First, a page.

Third-party advertisers tracking users in Google ad network

Google is allowing third-party advertisers to track users on Google's ad network, one privacy advocacy says.

Google is apparently allowing third-party advertisers to track consumers using the company's ad network, a practice that raised concerns from one privacy advocate.

Some of the third-party ad servers and ad agencies that Google has approved to deliver ads through its network engage in behavioral advertising practices that require tracking consumers, said Jeffrey Chester, a privacy advocate and frequent critic of Google's privacy practices.

"Google is the most important digital media company," Chester, the executive director of the Center for Digital Democracy (CDD), wrote in an e-mail. "Its activities should be as transparent as possible to consumers (let alone regulators)."

Google announced this month that it has begun to allow third parties to deliver ads on the Google content network. Several of the third parties listed by Google in its announcement engage in behavioral advertising, Chester said.

For example, Mediaplex, which offers ad-serving products and services, says it offers a "behavioral targeting platform." The company's products allow "advertisers to target users based on previous actions and deliver the most relevant messages," according to Mediaplex marketing materials.

Mediaplex was one of 12 companies that Google said it has certified to deliver ads through Google's ad network.

"Google has now sanctioned behavioral targeting on its network, and users have no idea what the implications are," Chester said.

Google, in its announcement on third-party ads and in communications to Chester, has said it is using a certification process to screen third-party advertisers.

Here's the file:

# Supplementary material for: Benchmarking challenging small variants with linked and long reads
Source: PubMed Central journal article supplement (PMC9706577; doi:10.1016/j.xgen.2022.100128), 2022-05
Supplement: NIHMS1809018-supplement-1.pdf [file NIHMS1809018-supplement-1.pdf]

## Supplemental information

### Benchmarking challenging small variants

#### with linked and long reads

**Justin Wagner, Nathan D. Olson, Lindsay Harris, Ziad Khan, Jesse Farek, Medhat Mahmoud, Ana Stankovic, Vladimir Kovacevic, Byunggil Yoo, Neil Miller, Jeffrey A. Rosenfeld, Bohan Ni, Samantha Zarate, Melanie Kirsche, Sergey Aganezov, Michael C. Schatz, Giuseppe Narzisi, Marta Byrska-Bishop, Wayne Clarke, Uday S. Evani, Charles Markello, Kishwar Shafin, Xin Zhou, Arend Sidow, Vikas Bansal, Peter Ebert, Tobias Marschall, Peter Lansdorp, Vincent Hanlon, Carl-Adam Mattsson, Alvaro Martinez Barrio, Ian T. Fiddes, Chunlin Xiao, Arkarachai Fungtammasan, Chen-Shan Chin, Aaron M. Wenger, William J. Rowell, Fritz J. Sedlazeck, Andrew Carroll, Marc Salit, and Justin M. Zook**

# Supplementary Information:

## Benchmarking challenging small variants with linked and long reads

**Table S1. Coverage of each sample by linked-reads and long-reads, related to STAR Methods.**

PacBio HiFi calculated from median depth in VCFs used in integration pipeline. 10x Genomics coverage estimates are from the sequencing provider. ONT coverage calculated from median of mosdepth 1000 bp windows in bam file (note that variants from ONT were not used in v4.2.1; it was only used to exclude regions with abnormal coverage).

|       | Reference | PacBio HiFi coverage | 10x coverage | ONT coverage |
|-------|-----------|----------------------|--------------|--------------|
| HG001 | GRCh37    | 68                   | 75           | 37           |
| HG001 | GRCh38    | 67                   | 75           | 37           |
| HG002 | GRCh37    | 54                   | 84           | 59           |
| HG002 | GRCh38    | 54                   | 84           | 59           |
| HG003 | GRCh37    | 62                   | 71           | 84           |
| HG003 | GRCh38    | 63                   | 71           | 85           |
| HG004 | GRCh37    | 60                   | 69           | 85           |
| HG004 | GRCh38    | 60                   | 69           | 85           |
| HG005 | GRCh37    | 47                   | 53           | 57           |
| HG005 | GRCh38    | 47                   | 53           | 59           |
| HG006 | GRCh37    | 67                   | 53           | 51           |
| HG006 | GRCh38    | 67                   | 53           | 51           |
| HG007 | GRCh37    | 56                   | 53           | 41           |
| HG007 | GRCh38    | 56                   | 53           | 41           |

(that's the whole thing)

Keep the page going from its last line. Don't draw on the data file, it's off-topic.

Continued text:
The company has developed "comprehensive certification policies," according to information from Google passed on by Chester. The certification policies outline how cookies can be used on the Google network, and require that third-party ad servers cannot use cookies in connection with personal information unless the user opts in, according to Google. Consumers can also opt out of any tracking mechanism, Google told Chester.

Google spokespeople didn't immediately respond to a request for comments.

Google's explanation isn't clear on how the behavioral advertising will work, Chester said. While Google has talked about consumer opting in to behavioral advertising, it appears the third-party ads will automatically appear on the Google network, he said.

"The companies are using the Google network, and you don't even know about it," Chester added. "Google's explanation that its rules prohibit cookies from being connected with [personal information] doesn't really address the key consumer privacy issue. Behavioral-targeting cookies are used to track and target individual users."

Google officials have said that the company doesn't engage in behavioral advertising. Company officials have questioned the effectiveness of the practice.

Chester and other privacy advocates have raised concerns about online consumer tracking in recent months. Citing privacy concerns, the CDD and two other privacy groups asked the U.S. Federal Trade Commission to block Google's US$3.1 billion acquisition of ad server DoubleClick, announced in April 2007. The FTC, however, voted in December to approve the deal.

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